After wrapping up in Hiroshima, I trekked off to Kobe. In hindsight I wish I hadn’t given the limited time I had in Japan, but he ropeway to the Nunobiki Herb Garden was a lovely little experience and being a big fan of cats, I stopped by a cat cafe to spend a little time with some furry friends. My presence seemed to confuse the young girl working there, but confusion is better than alarm and she allowed me to pet away to my heart’s content for an hour while sipping on green tea.
After Kobe I traveled to Kyoto for two days, which besides the graduation was easily the highlight of my trip. I had very few interactions here (I think the only socializing I did might have been over beers for an hour in an Irish pub and with an older man who volunteered to show me around the Fukushima Inari Shrine alongside his daughter, who he let me know multiple times was single and available for marriage, much to her chagrin (my own wedding ring be damned). Japan, probably more than anywhere I’ve ever been, really lends itself to just being wandered around and taking in. You don’t need conversation if you don’t want it — why fill your ears with chatter when your heart is overflowing with contentment?
I really enjoyed hiking around the Sagano bamboo forest and visiting Nara, home to many deer (and more importantly more deer poop ice cream) and an incredible shrine, the Todaiji Temple, which features a massive Buddha and is just an incredible compound. Closest thing we have here in Dallas is Big Tex, the 55’ statue who greets visitors to the State Fair of Texas, which I admit is pretty awesome as well.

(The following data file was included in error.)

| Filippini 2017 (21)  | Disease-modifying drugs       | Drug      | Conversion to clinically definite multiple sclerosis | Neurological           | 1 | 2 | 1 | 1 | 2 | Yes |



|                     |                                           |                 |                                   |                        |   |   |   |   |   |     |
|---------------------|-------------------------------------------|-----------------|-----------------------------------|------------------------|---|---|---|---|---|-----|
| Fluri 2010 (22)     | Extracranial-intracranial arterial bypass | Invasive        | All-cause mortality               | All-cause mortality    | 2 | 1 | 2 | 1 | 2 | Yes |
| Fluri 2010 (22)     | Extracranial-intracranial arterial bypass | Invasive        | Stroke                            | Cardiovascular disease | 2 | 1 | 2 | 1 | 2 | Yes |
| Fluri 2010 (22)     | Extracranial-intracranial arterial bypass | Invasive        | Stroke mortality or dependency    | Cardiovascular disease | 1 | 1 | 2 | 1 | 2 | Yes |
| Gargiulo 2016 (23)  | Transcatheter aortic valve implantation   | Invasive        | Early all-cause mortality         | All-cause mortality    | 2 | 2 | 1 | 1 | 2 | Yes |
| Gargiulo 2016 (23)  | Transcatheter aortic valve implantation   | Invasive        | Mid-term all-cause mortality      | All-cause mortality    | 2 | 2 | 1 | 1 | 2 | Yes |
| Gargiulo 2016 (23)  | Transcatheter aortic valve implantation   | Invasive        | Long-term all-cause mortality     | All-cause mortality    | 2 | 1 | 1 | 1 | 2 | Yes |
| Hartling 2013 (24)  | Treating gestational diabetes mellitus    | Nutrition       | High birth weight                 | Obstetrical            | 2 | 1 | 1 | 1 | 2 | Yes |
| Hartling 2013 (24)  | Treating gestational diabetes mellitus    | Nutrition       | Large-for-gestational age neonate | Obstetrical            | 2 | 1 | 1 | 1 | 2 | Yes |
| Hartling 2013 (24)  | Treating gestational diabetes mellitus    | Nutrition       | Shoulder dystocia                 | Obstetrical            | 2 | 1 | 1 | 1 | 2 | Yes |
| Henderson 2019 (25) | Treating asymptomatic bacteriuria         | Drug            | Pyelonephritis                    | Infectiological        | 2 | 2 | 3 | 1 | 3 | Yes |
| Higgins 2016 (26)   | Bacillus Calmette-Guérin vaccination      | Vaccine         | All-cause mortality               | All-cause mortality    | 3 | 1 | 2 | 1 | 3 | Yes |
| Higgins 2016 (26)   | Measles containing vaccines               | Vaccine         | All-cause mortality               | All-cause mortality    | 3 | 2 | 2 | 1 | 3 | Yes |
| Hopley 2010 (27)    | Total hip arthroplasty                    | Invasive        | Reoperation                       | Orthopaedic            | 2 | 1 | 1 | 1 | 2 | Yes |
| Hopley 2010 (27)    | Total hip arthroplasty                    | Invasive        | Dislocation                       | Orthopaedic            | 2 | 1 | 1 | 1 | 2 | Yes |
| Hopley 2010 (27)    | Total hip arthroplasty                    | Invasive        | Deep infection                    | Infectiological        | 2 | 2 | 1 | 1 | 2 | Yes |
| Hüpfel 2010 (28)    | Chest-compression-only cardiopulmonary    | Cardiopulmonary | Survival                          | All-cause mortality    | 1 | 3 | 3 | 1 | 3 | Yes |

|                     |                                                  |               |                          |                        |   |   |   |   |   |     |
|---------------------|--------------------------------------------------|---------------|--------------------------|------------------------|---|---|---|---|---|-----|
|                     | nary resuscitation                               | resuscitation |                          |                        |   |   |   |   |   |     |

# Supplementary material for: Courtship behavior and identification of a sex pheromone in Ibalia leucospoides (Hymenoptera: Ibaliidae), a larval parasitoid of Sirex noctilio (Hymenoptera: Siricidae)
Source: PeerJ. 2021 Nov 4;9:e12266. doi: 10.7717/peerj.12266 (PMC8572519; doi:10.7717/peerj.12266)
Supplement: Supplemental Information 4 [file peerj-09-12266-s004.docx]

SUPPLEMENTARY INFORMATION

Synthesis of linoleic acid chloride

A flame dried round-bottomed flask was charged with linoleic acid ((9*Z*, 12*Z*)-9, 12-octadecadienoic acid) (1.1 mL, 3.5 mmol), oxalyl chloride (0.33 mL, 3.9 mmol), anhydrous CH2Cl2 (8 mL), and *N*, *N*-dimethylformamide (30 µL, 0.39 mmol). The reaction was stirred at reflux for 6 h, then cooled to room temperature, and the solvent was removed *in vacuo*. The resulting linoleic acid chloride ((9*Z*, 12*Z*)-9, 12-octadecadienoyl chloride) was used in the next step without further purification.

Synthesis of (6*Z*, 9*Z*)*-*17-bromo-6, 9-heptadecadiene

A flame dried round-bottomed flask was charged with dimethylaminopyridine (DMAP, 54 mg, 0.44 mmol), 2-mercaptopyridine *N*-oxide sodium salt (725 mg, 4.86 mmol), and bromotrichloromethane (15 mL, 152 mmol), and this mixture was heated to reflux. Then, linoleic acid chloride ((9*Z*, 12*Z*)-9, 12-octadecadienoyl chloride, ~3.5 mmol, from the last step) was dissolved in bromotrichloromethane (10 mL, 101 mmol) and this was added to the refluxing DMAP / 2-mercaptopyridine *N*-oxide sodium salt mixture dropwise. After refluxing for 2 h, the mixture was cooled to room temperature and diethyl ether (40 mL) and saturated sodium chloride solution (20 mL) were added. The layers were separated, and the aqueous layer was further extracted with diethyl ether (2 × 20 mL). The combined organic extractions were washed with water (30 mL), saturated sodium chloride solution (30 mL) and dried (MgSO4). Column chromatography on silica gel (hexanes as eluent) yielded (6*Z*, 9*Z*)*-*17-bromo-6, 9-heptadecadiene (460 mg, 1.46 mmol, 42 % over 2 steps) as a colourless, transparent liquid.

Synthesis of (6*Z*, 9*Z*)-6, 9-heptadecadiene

I also took the Sagano Romantic Train on my own because I have zero shame and it was a lovely little experience that I have the picture to prove. The Sanjūsangen-dō with its 1,000 Buddhas was also a really cool visual experience, especially after seeing one giant one. I’d be interested to see if they are the same size as the Buddha at Todaiji when combined — maybe that can be a mastery project for me or some willing student one day!
I closed my time in Japan out in Tokyo, which after Kyoto just seemed like any large city you find in the world. Turns out I do have shame, as I couldn’t bring myself to visit one of the maid cafes that can be found in Harajuku, so I learned that I can in fact be embarrassed. I think my highlight here in Tokyo would be visiting the Robot Restaurant with Lily and her husband Brian, which was definitely the closest I’ve ever felt to being on drugs without actually being on them — a huge accomplishment on owner and founder Namie Osawa’s part.
I also took in a Yomiuri Giants game at the Tokyo Dome, which was a ton of fun. Very different than an average American ball game, where people aren’t really participating in sing a longs or anything like that. Turns out the Japanese really do pick up their own trash during the seventh inning stretch! I love it. I also dorked out and went and saw a Dragon Gate pro wrestling event at Korakuen Hall, possibly the most famous pro-wrestling venue in the world. Not gonna lie…it was awesome and I popped hard. I also barely fit in my seat..definitely not built for gaijin.
Long story short, I love Japan, and I can’t wait to go back.
Some other random thoughts from my time in Japan:
Eating here as a vegetarian was way harder than I anticipated. I ended up eating fish sauce way more than I figured I would. Luckily the Happy Cow app exists and helped me find Buddhist and other veg friendly places
I definitely noticed that the Japanese have grown in size since my last visit about 12 years prior. They seemed taller and wider somehow, which was unfortunate, as I enjoyed towering over people my first time visiting even though I’m 5’11